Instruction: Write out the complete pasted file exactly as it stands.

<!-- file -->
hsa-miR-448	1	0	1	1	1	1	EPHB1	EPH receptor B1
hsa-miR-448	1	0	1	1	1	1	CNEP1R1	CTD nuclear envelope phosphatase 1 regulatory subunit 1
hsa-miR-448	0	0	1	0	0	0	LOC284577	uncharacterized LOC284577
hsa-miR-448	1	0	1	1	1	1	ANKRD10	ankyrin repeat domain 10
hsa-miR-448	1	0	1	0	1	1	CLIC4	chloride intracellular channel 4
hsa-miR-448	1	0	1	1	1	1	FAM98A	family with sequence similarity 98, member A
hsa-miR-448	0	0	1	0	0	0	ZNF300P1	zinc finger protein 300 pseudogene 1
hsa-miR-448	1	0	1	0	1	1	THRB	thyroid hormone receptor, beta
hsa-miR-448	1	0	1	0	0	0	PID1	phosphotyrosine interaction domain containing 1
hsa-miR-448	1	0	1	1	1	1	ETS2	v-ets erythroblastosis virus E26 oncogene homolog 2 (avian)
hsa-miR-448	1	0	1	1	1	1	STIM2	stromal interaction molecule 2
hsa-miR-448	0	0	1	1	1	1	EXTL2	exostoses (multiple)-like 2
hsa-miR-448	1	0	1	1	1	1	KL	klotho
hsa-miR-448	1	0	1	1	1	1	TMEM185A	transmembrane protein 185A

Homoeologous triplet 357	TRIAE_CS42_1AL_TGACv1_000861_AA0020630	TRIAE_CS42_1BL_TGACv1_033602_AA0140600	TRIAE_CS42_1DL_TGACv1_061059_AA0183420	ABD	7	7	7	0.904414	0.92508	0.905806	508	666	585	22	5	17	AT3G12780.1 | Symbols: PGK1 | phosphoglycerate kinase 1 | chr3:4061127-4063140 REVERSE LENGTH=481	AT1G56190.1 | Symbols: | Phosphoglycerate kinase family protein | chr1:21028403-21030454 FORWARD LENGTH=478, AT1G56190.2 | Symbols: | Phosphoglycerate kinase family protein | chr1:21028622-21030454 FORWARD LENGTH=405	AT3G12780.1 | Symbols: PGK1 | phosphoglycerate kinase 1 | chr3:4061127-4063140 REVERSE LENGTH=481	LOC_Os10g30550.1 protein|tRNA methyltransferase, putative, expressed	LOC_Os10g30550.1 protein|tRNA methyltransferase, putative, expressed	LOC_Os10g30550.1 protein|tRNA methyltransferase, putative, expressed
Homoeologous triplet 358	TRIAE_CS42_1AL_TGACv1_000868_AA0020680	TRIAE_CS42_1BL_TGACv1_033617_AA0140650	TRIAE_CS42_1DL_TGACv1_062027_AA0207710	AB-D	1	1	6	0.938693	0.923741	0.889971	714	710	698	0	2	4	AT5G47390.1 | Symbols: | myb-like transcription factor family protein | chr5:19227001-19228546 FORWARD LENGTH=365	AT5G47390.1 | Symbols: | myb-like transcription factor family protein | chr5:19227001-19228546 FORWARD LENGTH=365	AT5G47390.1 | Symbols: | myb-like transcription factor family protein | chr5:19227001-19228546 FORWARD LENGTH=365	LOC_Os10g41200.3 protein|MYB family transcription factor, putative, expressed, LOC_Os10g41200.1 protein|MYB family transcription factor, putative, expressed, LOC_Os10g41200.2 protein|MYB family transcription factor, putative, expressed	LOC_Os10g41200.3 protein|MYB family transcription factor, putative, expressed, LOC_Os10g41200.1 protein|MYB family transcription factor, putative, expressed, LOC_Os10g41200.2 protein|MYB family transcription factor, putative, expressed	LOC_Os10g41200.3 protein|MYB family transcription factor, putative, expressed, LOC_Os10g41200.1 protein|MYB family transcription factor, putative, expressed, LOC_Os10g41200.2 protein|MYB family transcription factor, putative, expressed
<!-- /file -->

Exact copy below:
hsa-miR-448	1	0	1	1	1	1	EPHB1	EPH receptor B1
hsa-miR-448	1	0	1	1	1	1	CNEP1R1	CTD nuclear envelope phosphatase 1 regulatory subunit 1
hsa-miR-448	0	0	1	0	0	0	LOC284577	uncharacterized LOC284577
hsa-miR-448	1	0	1	1	1	1	ANKRD10	ankyrin repeat domain 10
hsa-miR-448	1	0	1	0	1	1	CLIC4	chloride intracellular channel 4
hsa-miR-448	1	0	1	1	1	1	FAM98A	family with sequence similarity 98, member A
hsa-miR-448	0	0	1	0	0	0	ZNF300P1	zinc finger protein 300 pseudogene 1
hsa-miR-448	1	0	1	0	1	1	THRB	thyroid hormone receptor, beta
hsa-miR-448	1	0	1	0	0	0	PID1	phosphotyrosine interaction domain containing 1
hsa-miR-448	1	0	1	1	1	1	ETS2	v-ets erythroblastosis virus E26 oncogene homolog 2 (avian)
hsa-miR-448	1	0	1	1	1	1	STIM2	stromal interaction molecule 2
hsa-miR-448	0	0	1	1	1	1	EXTL2	exostoses (multiple)-like 2
hsa-miR-448	1	0	1	1	1	1	KL	klotho
hsa-miR-448	1	0	1	1	1	1	TMEM185A	transmembrane protein 185A

Homoeologous triplet 357	TRIAE_CS42_1AL_TGACv1_000861_AA0020630	TRIAE_CS42_1BL_TGACv1_033602_AA0140600	TRIAE_CS42_1DL_TGACv1_061059_AA0183420	ABD	7	7	7	0.904414	0.92508	0.905806	508	666	585	22	5	17	AT3G12780.1 | Symbols: PGK1 | phosphoglycerate kinase 1 | chr3:4061127-4063140 REVERSE LENGTH=481	AT1G56190.1 | Symbols: | Phosphoglycerate kinase family protein | chr1:21028403-21030454 FORWARD LENGTH=478, AT1G56190.2 | Symbols: | Phosphoglycerate kinase family protein | chr1:21028622-21030454 FORWARD LENGTH=405	AT3G12780.1 | Symbols: PGK1 | phosphoglycerate kinase 1 | chr3:4061127-4063140 REVERSE LENGTH=481	LOC_Os10g30550.1 protein|tRNA methyltransferase, putative, expressed	LOC_Os10g30550.1 protein|tRNA methyltransferase, putative, expressed	LOC_Os10g30550.1 protein|tRNA methyltransferase, putative, expressed
Homoeologous triplet 358	TRIAE_CS42_1AL_TGACv1_000868_AA0020680	TRIAE_CS42_1BL_TGACv1_033617_AA0140650	TRIAE_CS42_1DL_TGACv1_062027_AA0207710	AB-D	1	1	6	0.938693	0.923741	0.889971	714	710	698	0	2	4	AT5G47390.1 | Symbols: | myb-like transcription factor family protein | chr5:19227001-19228546 FORWARD LENGTH=365	AT5G47390.1 | Symbols: | myb-like transcription factor family protein | chr5:19227001-19228546 FORWARD LENGTH=365	AT5G47390.1 | Symbols: | myb-like transcription factor family protein | chr5:19227001-19228546 FORWARD LENGTH=365	LOC_Os10g41200.3 protein|MYB family transcription factor, putative, expressed, LOC_Os10g41200.1 protein|MYB family transcription factor, putative, expressed, LOC_Os10g41200.2 protein|MYB family transcription factor, putative, expressed	LOC_Os10g41200.3 protein|MYB family transcription factor, putative, expressed, LOC_Os10g41200.1 protein|MYB family transcription factor, putative, expressed, LOC_Os10g41200.2 protein|MYB family transcription factor, putative, expressed	LOC_Os10g41200.3 protein|MYB family transcription factor, putative, expressed, LOC_Os10g41200.1 protein|MYB family transcription factor, putative, expressed, LOC_Os10g41200.2 protein|MYB family transcription factor, putative, expressed